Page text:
Brown and his colleagues make regular industry presentations, offer an annual turfgrass course and produce turfgrass bulletins, "which are basically research summaries directed to the lay user, rather than to a scientific journal," Brown said.

Superintendent of Paradise Valley Country Club Rob Collins sought Brown's expertise in 2006.

"We had an issue with exceeding our state water allotment. We turned to industry professionals, irrigation manufacturers, our peers – anywhere we could find good information," Collins said.

"Ultimately Paul Brown was the best source of field-driven information. He'd been testing golf irrigation uniformity and knew it backwards and forwards. Clearly his knowledge is scientific – something as simple as how much grass do you have to remove in order to save a certain amount of water?"

The club converted 11 acres of turf to natural desert landscaping.

"It worked. It was effective. We met our goals. Paul's involvement with our club has been immeasurably beneficial," Collins said.

Identifying salt-tolerant grasses

Initial funding for the turfgrass facility came from Karsten Manufacturing (Ping) in the early 1990s. The City of Phoenix is among the backers of AZMET. In 2006 the Golf Course Superintendents Association of America supported a deficit irrigation project to test drought, heat and salt tolerance of certain grasses.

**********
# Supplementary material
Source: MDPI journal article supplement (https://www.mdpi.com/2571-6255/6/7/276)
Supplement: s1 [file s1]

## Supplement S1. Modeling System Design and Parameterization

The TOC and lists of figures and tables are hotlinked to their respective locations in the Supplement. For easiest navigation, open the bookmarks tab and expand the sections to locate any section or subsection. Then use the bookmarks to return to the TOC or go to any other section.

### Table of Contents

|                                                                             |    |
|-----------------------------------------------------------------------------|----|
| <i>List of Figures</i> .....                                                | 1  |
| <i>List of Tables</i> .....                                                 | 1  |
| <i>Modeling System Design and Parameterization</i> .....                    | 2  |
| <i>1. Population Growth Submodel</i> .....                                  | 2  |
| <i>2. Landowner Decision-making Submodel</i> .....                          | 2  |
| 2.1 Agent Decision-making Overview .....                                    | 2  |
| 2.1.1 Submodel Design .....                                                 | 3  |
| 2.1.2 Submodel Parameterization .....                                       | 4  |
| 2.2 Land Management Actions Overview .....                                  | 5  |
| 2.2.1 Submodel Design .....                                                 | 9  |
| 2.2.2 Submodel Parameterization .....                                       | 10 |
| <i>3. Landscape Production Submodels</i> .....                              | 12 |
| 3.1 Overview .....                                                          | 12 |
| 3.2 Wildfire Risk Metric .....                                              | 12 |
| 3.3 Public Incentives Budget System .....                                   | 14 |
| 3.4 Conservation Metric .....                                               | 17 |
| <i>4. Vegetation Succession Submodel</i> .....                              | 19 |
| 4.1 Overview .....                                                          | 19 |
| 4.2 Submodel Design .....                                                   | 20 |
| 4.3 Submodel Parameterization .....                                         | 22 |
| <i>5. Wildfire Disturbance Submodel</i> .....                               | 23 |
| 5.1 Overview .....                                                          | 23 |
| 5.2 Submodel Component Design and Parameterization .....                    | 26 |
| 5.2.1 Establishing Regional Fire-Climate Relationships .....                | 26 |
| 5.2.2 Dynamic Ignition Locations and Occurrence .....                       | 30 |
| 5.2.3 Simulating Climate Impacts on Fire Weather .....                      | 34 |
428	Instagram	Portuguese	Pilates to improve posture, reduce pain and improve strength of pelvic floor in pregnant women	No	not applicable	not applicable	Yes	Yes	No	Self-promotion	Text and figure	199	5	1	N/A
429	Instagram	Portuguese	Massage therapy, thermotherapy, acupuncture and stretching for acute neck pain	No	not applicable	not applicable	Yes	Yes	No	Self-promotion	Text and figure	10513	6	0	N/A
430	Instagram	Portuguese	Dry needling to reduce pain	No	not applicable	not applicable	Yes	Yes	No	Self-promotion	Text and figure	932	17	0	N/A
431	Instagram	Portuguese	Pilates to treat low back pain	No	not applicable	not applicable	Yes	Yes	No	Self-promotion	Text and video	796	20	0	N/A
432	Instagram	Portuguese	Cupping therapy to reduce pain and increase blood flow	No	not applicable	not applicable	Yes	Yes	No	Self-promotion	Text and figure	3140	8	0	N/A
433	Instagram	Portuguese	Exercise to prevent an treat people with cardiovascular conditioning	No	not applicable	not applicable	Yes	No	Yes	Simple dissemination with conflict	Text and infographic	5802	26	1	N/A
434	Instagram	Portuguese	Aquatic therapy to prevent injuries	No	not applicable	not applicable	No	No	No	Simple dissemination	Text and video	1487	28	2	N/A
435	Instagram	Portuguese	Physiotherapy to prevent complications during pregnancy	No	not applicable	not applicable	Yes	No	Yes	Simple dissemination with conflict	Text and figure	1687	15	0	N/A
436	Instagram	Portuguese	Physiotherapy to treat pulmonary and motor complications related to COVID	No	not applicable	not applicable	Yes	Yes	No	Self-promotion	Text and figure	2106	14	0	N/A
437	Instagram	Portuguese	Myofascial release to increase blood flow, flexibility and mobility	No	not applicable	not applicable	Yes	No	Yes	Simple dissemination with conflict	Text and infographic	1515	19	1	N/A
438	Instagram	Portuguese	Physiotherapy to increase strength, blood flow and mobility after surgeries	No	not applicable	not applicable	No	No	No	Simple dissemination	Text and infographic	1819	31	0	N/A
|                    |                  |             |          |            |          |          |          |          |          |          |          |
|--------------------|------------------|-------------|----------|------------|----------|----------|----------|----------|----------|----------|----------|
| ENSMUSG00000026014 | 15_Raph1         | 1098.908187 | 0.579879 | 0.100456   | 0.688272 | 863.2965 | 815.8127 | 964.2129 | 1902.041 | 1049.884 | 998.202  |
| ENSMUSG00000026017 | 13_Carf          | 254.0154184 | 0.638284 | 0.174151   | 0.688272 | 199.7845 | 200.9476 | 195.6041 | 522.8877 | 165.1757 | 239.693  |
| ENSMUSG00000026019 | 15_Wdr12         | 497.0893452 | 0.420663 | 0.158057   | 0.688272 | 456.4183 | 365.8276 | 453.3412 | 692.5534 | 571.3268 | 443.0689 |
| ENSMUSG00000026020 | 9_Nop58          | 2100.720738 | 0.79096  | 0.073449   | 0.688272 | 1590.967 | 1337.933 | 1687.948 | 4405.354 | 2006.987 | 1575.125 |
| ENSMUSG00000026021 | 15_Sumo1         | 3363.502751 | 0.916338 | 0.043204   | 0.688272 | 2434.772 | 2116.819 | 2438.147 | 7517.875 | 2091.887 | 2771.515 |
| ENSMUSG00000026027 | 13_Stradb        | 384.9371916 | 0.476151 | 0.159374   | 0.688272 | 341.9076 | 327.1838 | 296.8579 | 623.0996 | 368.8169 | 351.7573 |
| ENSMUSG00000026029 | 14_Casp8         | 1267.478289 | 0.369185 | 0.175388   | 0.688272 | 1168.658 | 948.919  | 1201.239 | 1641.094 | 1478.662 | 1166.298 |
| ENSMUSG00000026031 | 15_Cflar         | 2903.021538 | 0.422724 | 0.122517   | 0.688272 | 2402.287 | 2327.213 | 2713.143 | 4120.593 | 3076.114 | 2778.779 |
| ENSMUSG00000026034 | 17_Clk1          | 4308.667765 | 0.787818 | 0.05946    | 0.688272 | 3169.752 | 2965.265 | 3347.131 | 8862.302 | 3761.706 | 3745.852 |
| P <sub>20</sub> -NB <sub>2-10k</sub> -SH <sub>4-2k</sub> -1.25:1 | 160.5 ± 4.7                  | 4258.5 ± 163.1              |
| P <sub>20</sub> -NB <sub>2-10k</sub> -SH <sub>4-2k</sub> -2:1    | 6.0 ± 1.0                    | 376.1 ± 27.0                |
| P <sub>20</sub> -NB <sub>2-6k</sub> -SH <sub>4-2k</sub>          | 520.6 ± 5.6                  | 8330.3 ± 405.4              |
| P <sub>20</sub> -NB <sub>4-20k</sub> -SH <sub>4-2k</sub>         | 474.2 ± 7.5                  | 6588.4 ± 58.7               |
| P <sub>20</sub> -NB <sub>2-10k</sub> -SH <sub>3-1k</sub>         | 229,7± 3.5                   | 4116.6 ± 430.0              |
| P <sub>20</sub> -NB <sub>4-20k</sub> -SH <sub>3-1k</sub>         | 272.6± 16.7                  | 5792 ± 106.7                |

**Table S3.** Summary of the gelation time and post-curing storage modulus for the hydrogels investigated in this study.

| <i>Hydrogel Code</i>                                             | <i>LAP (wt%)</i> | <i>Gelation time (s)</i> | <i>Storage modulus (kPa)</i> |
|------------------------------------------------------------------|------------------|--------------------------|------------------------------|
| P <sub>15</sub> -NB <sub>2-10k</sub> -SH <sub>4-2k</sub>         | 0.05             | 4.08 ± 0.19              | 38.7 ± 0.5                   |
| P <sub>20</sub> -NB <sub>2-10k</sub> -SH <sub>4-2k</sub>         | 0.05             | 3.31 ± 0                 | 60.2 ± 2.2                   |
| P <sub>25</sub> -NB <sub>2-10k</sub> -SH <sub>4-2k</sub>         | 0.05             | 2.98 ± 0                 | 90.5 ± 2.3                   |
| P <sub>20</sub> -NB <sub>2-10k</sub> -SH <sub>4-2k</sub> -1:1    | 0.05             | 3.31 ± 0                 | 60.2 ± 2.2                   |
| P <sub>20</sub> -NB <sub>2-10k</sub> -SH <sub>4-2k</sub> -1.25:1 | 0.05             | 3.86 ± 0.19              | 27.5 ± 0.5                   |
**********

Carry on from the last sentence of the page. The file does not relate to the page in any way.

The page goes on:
That project is led by James Walworth, specialist in the UA department of soil, water and environmental science, working with David Kopec, a turfgrass specialist in the UA School of Plant Sciences.

Plots of seven types of salt-tolerant grasses – four bermudas and three paspalums – are grown with descending amounts of water.

"Ultimately we want to better understand how much you can cheat on irrigation water," Walworth said. "We want to determine how the water stress affects quality."

Remarkably, the irrigation research indicated plants could manage with 20 to 25 percent less reclaimed water while still maintaining an acceptable turf surface.

"The amount you have to apply depends on what you're demanding of the grass. A city park requires one quality of grass. A high-end golf course takes a bit better quality. A football stadium needs an even better quality."

Providing students research opportunities

While a master's degree candidate at the UA, Jaime Bañuelos did much of the field work and became the lead author of the deficit irrigation report published in Agronomy Journal. "The bottom line – bermuda grasses are better able to handle severe deficit irrigation," he wrote.

But you have to manage the salts. Accumulated salts can slow water absorption and burn the turf. Too much sodium can actually block absorption, causing water to run off and pool elsewhere.

For irrigated turfs, "it is essential to leach salts out of the soil with storm events. Rainwater is nearly pure water. It’s very effective at leaching salts out of the soil," Brown said. "One of our concerns is it's been quite dry over the past 10 to 12 years. We've not had the winter rains we're used to having. Drought is antagonizing the problem.

"These water issues and irrigation uses are not going to go away. We've made pretty good progress. I think it's helped to put the scientific data down on the table. We need to move forward and determine what grasses we'd like to have, what we can live with and how best to manage them."